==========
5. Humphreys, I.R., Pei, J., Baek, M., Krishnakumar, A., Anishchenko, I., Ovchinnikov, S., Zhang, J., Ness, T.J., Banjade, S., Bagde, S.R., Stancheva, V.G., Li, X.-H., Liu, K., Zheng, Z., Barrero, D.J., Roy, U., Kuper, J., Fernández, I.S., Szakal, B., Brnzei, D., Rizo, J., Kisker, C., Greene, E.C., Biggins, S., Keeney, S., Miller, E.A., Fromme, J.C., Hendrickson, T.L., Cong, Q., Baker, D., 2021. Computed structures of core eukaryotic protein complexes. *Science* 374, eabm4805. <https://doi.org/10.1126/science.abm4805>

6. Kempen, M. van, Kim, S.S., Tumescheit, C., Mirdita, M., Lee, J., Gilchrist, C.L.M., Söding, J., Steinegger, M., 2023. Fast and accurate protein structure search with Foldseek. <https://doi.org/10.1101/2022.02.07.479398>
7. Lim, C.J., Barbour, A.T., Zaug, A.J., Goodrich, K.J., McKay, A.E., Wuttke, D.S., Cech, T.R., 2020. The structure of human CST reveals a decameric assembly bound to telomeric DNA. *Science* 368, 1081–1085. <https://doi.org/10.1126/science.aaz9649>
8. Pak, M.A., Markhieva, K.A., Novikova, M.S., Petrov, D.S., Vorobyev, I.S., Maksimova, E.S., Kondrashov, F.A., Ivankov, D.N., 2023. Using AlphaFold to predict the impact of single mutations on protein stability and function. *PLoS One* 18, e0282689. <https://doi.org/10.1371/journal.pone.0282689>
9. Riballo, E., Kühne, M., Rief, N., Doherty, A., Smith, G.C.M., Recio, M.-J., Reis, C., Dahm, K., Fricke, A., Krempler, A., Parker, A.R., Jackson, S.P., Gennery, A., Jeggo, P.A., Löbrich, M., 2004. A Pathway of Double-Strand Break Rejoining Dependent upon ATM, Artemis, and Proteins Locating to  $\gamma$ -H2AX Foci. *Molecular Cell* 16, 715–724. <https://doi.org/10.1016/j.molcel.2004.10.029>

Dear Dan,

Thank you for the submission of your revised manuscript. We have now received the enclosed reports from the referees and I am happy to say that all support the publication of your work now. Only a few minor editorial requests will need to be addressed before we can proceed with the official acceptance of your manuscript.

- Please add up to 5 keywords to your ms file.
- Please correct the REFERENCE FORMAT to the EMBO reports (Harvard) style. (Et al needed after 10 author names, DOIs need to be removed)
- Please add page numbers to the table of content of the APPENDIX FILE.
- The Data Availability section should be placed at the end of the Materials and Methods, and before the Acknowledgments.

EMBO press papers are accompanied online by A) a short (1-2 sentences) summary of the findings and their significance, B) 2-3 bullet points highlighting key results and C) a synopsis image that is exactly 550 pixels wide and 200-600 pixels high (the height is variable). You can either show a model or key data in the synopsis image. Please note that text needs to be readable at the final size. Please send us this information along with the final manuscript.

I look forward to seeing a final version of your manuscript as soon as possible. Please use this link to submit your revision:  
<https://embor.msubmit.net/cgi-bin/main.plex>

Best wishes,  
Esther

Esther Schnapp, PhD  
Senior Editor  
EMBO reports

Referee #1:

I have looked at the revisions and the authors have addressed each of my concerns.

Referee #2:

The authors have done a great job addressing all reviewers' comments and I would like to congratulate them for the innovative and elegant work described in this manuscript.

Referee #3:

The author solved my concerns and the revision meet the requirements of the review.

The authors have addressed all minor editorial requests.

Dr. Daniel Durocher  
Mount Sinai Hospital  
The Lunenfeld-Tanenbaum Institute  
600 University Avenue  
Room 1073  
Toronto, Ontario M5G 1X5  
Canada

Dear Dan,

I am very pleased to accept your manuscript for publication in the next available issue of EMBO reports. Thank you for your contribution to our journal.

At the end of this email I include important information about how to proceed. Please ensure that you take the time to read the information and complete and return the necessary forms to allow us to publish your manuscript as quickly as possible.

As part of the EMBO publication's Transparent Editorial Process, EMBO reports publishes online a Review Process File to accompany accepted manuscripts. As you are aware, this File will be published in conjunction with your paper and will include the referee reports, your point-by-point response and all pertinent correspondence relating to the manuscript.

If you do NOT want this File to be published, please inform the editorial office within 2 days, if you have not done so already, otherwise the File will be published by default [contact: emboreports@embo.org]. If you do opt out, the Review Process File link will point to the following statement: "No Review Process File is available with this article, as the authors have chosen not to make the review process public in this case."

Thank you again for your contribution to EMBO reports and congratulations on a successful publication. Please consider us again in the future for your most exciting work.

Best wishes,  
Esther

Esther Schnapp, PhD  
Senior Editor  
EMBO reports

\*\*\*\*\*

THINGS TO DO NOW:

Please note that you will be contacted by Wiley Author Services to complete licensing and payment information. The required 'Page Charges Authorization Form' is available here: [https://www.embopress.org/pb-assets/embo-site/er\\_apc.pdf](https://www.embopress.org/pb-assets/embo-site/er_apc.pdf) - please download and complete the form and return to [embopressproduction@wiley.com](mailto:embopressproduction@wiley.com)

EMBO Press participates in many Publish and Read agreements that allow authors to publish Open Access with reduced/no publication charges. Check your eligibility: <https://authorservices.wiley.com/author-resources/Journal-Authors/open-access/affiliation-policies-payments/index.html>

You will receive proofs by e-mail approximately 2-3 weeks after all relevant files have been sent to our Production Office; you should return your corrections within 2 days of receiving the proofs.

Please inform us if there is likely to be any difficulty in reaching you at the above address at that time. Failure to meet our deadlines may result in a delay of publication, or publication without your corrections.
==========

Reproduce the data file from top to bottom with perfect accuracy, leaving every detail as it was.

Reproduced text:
5. Humphreys, I.R., Pei, J., Baek, M., Krishnakumar, A., Anishchenko, I., Ovchinnikov, S., Zhang, J., Ness, T.J., Banjade, S., Bagde, S.R., Stancheva, V.G., Li, X.-H., Liu, K., Zheng, Z., Barrero, D.J., Roy, U., Kuper, J., Fernández, I.S., Szakal, B., Brnzei, D., Rizo, J., Kisker, C., Greene, E.C., Biggins, S., Keeney, S., Miller, E.A., Fromme, J.C., Hendrickson, T.L., Cong, Q., Baker, D., 2021. Computed structures of core eukaryotic protein complexes. *Science* 374, eabm4805. <https://doi.org/10.1126/science.abm4805>

6. Kempen, M. van, Kim, S.S., Tumescheit, C., Mirdita, M., Lee, J., Gilchrist, C.L.M., Söding, J., Steinegger, M., 2023. Fast and accurate protein structure search with Foldseek. <https://doi.org/10.1101/2022.02.07.479398>
7. Lim, C.J., Barbour, A.T., Zaug, A.J., Goodrich, K.J., McKay, A.E., Wuttke, D.S., Cech, T.R., 2020. The structure of human CST reveals a decameric assembly bound to telomeric DNA. *Science* 368, 1081–1085. <https://doi.org/10.1126/science.aaz9649>
8. Pak, M.A., Markhieva, K.A., Novikova, M.S., Petrov, D.S., Vorobyev, I.S., Maksimova, E.S., Kondrashov, F.A., Ivankov, D.N., 2023. Using AlphaFold to predict the impact of single mutations on protein stability and function. *PLoS One* 18, e0282689. <https://doi.org/10.1371/journal.pone.0282689>
9. Riballo, E., Kühne, M., Rief, N., Doherty, A., Smith, G.C.M., Recio, M.-J., Reis, C., Dahm, K., Fricke, A., Krempler, A., Parker, A.R., Jackson, S.P., Gennery, A., Jeggo, P.A., Löbrich, M., 2004. A Pathway of Double-Strand Break Rejoining Dependent upon ATM, Artemis, and Proteins Locating to  $\gamma$ -H2AX Foci. *Molecular Cell* 16, 715–724. <https://doi.org/10.1016/j.molcel.2004.10.029>

Dear Dan,

Thank you for the submission of your revised manuscript. We have now received the enclosed reports from the referees and I am happy to say that all support the publication of your work now. Only a few minor editorial requests will need to be addressed before we can proceed with the official acceptance of your manuscript.

- Please add up to 5 keywords to your ms file.
- Please correct the REFERENCE FORMAT to the EMBO reports (Harvard) style. (Et al needed after 10 author names, DOIs need to be removed)
- Please add page numbers to the table of content of the APPENDIX FILE.
- The Data Availability section should be placed at the end of the Materials and Methods, and before the Acknowledgments.

EMBO press papers are accompanied online by A) a short (1-2 sentences) summary of the findings and their significance, B) 2-3 bullet points highlighting key results and C) a synopsis image that is exactly 550 pixels wide and 200-600 pixels high (the height is variable). You can either show a model or key data in the synopsis image. Please note that text needs to be readable at the final size. Please send us this information along with the final manuscript.

I look forward to seeing a final version of your manuscript as soon as possible. Please use this link to submit your revision:  
<https://embor.msubmit.net/cgi-bin/main.plex>

Best wishes,  
Esther

Esther Schnapp, PhD  
Senior Editor  
EMBO reports

Referee #1:

I have looked at the revisions and the authors have addressed each of my concerns.

Referee #2:

The authors have done a great job addressing all reviewers' comments and I would like to congratulate them for the innovative and elegant work described in this manuscript.

Referee #3:

The author solved my concerns and the revision meet the requirements of the review.

The authors have addressed all minor editorial requests.

Dr. Daniel Durocher  
Mount Sinai Hospital  
The Lunenfeld-Tanenbaum Institute  
600 University Avenue  
Room 1073  
Toronto, Ontario M5G 1X5  
Canada

Dear Dan,

I am very pleased to accept your manuscript for publication in the next available issue of EMBO reports. Thank you for your contribution to our journal.

At the end of this email I include important information about how to proceed. Please ensure that you take the time to read the information and complete and return the necessary forms to allow us to publish your manuscript as quickly as possible.

As part of the EMBO publication's Transparent Editorial Process, EMBO reports publishes online a Review Process File to accompany accepted manuscripts. As you are aware, this File will be published in conjunction with your paper and will include the referee reports, your point-by-point response and all pertinent correspondence relating to the manuscript.

If you do NOT want this File to be published, please inform the editorial office within 2 days, if you have not done so already, otherwise the File will be published by default [contact: emboreports@embo.org]. If you do opt out, the Review Process File link will point to the following statement: "No Review Process File is available with this article, as the authors have chosen not to make the review process public in this case."

Thank you again for your contribution to EMBO reports and congratulations on a successful publication. Please consider us again in the future for your most exciting work.

Best wishes,  
Esther

Esther Schnapp, PhD  
Senior Editor  
EMBO reports

\*\*\*\*\*

THINGS TO DO NOW:

Please note that you will be contacted by Wiley Author Services to complete licensing and payment information. The required 'Page Charges Authorization Form' is available here: [https://www.embopress.org/pb-assets/embo-site/er\\_apc.pdf](https://www.embopress.org/pb-assets/embo-site/er_apc.pdf) - please download and complete the form and return to [embopressproduction@wiley.com](mailto:embopressproduction@wiley.com)

EMBO Press participates in many Publish and Read agreements that allow authors to publish Open Access with reduced/no publication charges. Check your eligibility: <https://authorservices.wiley.com/author-resources/Journal-Authors/open-access/affiliation-policies-payments/index.html>

You will receive proofs by e-mail approximately 2-3 weeks after all relevant files have been sent to our Production Office; you should return your corrections within 2 days of receiving the proofs.

Please inform us if there is likely to be any difficulty in reaching you at the above address at that time. Failure to meet our deadlines may result in a delay of publication, or publication without your corrections.